I can remember when cars rusted out and wore out in 7-10 years if yiu took care of them. I think the fact they are lasting longer is due to people being more aware of the importance of maintenance. Electronic signals ( time to change the oil, tire pressure is low and the ability to save trouble signals) have made maintenence more than your mechanics opinion.
My car is ten years old, marksilva2121, and I'm very proud of the fact that it has 205,000 miles on it. But when I recently told that to my mechanic, he said he had a customer with the same vehicle (a few years older, though) that has 740,000 miles on it. That's longevity.
Well, there's certainly precedent for it, Rob. The Cadillac Northstar engines in the '90s were developed from the ground up by a dedicated GM group that was trying to compete with the powertrains of German luxury cars. The technology eventually trickled down to Oldsmobile and Buick, but not until Cadillac had gotten several years use from it. Obviously, luxury automakers can't always develop their engines from the ground up, as Cadillac did in that case, but many have their own teams that enhance existing powertrain platforms.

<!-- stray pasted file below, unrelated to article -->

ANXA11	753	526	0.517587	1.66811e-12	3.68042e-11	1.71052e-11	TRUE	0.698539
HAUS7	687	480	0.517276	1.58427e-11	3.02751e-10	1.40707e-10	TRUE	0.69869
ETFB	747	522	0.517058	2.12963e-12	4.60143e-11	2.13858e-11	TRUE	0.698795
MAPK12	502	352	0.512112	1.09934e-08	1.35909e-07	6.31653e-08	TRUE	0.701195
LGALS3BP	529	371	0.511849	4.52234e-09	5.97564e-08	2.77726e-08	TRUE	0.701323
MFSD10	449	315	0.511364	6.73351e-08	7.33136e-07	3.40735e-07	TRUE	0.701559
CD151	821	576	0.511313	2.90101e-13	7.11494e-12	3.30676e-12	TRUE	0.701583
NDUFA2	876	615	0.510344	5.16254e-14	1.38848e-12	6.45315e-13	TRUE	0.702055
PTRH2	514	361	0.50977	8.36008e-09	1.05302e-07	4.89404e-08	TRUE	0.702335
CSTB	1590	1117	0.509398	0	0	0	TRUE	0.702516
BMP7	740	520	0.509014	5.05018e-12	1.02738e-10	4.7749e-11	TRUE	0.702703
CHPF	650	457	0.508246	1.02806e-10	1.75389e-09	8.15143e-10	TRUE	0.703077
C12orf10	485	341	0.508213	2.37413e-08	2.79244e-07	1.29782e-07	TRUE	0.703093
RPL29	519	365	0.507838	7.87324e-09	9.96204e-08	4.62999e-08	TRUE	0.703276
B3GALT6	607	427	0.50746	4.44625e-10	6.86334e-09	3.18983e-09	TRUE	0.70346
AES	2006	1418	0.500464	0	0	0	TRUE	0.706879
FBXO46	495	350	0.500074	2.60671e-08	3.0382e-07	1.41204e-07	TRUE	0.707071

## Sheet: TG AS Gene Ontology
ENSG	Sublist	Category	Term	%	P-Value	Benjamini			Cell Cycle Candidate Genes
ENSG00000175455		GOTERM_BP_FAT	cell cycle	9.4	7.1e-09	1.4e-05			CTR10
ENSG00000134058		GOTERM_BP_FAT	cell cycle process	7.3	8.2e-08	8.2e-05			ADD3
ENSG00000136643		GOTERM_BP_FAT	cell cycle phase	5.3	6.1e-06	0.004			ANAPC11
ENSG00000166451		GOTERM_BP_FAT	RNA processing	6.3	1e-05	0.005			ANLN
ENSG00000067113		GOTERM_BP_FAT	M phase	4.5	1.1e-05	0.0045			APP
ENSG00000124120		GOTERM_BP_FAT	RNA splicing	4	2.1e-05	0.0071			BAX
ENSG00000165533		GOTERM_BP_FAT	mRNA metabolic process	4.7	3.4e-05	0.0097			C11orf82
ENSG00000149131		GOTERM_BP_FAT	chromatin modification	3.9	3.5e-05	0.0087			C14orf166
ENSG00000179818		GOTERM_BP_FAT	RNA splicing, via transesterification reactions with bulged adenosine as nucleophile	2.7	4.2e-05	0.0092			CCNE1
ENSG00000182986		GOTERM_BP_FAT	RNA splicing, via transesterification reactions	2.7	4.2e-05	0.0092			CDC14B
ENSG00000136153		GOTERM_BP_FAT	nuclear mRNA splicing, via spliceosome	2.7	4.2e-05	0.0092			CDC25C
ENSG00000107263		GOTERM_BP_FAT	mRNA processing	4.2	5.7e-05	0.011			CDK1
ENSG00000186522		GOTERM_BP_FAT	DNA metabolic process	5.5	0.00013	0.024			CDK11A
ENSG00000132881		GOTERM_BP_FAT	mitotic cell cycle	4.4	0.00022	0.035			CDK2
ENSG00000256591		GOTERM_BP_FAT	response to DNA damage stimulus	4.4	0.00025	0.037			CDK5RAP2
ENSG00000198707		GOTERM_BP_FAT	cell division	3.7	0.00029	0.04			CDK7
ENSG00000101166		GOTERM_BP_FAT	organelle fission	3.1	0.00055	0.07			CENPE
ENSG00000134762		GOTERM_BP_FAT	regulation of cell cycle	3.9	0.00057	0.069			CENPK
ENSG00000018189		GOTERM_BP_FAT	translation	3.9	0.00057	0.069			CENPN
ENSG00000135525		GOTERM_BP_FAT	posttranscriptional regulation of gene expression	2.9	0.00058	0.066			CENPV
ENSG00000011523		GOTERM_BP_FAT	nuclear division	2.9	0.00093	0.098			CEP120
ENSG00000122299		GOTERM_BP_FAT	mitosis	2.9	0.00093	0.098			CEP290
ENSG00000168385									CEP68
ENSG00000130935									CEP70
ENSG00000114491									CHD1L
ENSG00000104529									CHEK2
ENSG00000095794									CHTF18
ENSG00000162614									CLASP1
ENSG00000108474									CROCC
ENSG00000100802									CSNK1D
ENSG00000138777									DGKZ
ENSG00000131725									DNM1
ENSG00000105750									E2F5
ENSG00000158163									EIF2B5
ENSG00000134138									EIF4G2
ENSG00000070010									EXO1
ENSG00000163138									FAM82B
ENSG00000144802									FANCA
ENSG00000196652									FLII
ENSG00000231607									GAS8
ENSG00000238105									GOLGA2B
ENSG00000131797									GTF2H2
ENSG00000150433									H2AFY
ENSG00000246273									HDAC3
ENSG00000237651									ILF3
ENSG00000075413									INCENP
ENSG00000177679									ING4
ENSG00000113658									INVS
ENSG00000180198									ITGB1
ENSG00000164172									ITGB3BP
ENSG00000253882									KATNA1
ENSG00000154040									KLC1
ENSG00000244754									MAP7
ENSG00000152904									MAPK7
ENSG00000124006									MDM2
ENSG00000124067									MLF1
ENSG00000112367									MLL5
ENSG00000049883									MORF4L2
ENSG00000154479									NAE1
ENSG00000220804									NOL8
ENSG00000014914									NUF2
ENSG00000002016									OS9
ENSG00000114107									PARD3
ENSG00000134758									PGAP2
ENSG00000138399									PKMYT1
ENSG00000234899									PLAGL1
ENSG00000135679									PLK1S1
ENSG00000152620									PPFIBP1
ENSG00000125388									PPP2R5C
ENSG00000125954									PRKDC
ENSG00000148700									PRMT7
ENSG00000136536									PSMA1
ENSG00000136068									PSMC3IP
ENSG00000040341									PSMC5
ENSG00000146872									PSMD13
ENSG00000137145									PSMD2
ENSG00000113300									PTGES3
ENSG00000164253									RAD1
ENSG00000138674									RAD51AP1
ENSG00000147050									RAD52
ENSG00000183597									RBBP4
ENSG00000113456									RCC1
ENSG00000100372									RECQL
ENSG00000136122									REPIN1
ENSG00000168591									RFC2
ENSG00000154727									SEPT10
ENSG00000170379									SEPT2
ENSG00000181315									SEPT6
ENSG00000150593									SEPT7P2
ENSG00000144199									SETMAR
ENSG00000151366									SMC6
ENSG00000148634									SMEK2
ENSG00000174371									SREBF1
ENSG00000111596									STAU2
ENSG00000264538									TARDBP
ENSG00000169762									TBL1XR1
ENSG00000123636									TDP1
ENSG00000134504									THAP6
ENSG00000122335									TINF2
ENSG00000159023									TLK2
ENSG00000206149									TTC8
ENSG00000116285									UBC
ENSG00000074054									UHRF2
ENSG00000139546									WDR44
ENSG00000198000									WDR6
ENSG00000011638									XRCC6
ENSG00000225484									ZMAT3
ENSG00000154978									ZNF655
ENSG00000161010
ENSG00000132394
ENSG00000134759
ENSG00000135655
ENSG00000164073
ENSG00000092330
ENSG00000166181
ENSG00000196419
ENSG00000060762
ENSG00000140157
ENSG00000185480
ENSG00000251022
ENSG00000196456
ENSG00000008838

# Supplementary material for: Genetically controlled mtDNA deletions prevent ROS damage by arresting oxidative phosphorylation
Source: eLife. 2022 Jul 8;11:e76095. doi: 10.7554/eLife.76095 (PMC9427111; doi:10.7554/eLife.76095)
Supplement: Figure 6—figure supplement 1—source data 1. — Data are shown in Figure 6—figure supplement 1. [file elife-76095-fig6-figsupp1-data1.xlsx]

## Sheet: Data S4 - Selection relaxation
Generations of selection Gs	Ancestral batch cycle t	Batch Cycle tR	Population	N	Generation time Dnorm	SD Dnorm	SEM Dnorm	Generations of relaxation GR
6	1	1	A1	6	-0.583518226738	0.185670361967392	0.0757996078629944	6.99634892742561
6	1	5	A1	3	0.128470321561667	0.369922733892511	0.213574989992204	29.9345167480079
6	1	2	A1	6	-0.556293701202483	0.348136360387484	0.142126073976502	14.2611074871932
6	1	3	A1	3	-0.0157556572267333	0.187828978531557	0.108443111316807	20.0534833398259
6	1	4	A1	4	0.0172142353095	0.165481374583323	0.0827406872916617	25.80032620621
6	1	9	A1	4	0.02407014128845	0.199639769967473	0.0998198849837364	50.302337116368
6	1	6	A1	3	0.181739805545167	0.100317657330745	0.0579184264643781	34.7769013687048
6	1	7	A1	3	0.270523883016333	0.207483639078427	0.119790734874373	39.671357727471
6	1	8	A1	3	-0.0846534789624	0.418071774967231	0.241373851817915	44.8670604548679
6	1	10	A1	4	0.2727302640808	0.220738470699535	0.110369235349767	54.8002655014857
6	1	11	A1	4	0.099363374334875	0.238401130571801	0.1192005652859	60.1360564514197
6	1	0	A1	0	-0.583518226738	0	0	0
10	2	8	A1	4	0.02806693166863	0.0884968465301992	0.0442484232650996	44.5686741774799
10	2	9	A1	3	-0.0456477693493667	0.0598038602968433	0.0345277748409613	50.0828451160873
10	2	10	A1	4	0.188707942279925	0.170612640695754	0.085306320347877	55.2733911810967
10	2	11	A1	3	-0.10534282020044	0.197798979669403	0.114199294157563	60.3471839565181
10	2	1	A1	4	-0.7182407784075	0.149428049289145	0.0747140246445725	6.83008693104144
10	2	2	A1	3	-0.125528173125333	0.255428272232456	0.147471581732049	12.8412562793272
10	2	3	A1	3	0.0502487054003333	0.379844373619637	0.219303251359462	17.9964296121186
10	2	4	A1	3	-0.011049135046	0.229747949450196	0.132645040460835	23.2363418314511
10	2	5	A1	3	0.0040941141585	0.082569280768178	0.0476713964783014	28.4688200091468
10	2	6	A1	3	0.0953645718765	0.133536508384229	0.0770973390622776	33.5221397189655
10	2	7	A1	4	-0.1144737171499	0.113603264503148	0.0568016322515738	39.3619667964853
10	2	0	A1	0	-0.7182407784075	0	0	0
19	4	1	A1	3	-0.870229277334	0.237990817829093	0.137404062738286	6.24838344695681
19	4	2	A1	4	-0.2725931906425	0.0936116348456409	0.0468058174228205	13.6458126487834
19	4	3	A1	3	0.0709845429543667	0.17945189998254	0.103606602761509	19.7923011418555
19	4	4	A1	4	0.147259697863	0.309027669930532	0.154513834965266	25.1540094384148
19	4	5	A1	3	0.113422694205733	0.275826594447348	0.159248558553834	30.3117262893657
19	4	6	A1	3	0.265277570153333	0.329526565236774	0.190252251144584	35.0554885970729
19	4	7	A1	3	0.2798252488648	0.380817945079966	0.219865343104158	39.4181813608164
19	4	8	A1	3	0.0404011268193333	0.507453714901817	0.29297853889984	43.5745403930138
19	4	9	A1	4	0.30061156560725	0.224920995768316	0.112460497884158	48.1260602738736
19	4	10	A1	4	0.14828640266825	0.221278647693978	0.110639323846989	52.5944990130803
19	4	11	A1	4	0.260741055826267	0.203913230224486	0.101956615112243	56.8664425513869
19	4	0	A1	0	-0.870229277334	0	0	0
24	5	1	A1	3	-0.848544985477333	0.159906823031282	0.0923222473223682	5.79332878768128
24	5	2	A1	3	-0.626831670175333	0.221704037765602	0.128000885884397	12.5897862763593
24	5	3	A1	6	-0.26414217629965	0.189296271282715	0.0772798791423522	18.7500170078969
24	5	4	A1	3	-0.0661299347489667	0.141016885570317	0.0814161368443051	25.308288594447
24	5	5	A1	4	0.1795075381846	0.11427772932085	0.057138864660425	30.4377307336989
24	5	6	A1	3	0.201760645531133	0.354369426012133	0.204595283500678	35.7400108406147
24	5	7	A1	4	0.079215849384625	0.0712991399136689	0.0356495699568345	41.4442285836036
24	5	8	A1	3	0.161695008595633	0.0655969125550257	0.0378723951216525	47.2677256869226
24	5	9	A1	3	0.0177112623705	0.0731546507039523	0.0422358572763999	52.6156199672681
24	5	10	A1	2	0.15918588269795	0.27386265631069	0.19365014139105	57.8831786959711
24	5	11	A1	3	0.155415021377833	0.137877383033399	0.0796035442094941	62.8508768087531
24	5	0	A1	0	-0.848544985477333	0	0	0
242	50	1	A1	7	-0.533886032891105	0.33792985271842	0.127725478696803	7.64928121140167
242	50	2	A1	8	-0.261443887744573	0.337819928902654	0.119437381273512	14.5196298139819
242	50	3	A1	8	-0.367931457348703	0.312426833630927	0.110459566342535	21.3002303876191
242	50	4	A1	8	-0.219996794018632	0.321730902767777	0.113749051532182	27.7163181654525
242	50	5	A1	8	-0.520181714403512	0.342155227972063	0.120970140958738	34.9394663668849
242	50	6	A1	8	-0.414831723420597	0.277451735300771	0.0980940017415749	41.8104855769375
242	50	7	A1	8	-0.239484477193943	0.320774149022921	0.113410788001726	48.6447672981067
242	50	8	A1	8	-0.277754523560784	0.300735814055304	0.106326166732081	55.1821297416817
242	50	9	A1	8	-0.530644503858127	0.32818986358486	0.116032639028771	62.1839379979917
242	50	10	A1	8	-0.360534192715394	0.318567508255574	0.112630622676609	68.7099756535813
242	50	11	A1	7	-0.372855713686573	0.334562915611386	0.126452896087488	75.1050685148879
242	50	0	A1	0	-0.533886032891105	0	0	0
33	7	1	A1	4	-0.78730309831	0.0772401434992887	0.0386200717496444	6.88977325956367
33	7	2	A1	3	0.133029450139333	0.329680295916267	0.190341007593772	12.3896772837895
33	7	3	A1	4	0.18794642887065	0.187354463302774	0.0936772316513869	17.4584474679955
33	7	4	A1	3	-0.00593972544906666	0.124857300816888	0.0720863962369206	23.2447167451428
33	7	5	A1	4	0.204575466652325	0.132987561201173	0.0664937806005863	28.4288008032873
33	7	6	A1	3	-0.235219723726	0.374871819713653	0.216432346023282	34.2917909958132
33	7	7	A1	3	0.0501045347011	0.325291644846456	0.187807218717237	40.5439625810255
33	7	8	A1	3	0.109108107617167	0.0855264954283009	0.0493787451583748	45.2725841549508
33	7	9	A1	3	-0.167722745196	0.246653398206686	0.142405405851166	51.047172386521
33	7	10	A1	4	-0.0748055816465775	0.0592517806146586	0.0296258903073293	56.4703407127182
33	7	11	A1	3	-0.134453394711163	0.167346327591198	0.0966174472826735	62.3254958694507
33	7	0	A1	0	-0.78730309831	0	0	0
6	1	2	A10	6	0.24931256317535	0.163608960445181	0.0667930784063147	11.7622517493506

One of the things we were trying to determine in another thread, Chuck, is whether these luxury cars have a separate engineering team for the drive chain, or whether the luxury car design team is only there for the interior and exterior body. Any thoughts?
You got that right, Rob. That's why we have automotive divisions like Cadillac, Lincoln, Lexus, Infiniti and Acura, not to mention BMW and Mercedes. There will always be a market for luxury. Only the definition changes, not the desire.
This thread has been going on a long time. You're right about SUVs, Chuck. They're the big, long cars for the baby boom generation. the WWII generation had its long sleek Caddys and Lincolns. Baby Boomers have their SUVs.
The company says it anticipates high-definition video for home security and other uses will be the next mature technology integrated into the IoT domain, hence the introduction of its MatrixCam devkit.
Siemens and Georgia Institute of Technology are partnering to address limitations in the current additive manufacturing design-to-production chain in an applied research project as part of the federally backed America Makes program.
Most of the new 3D printers and 3D printing technologies in this crop are breaking some boundaries, whether it's build volume-per-dollar ratios, multimaterials printing techniques, or new materials types.
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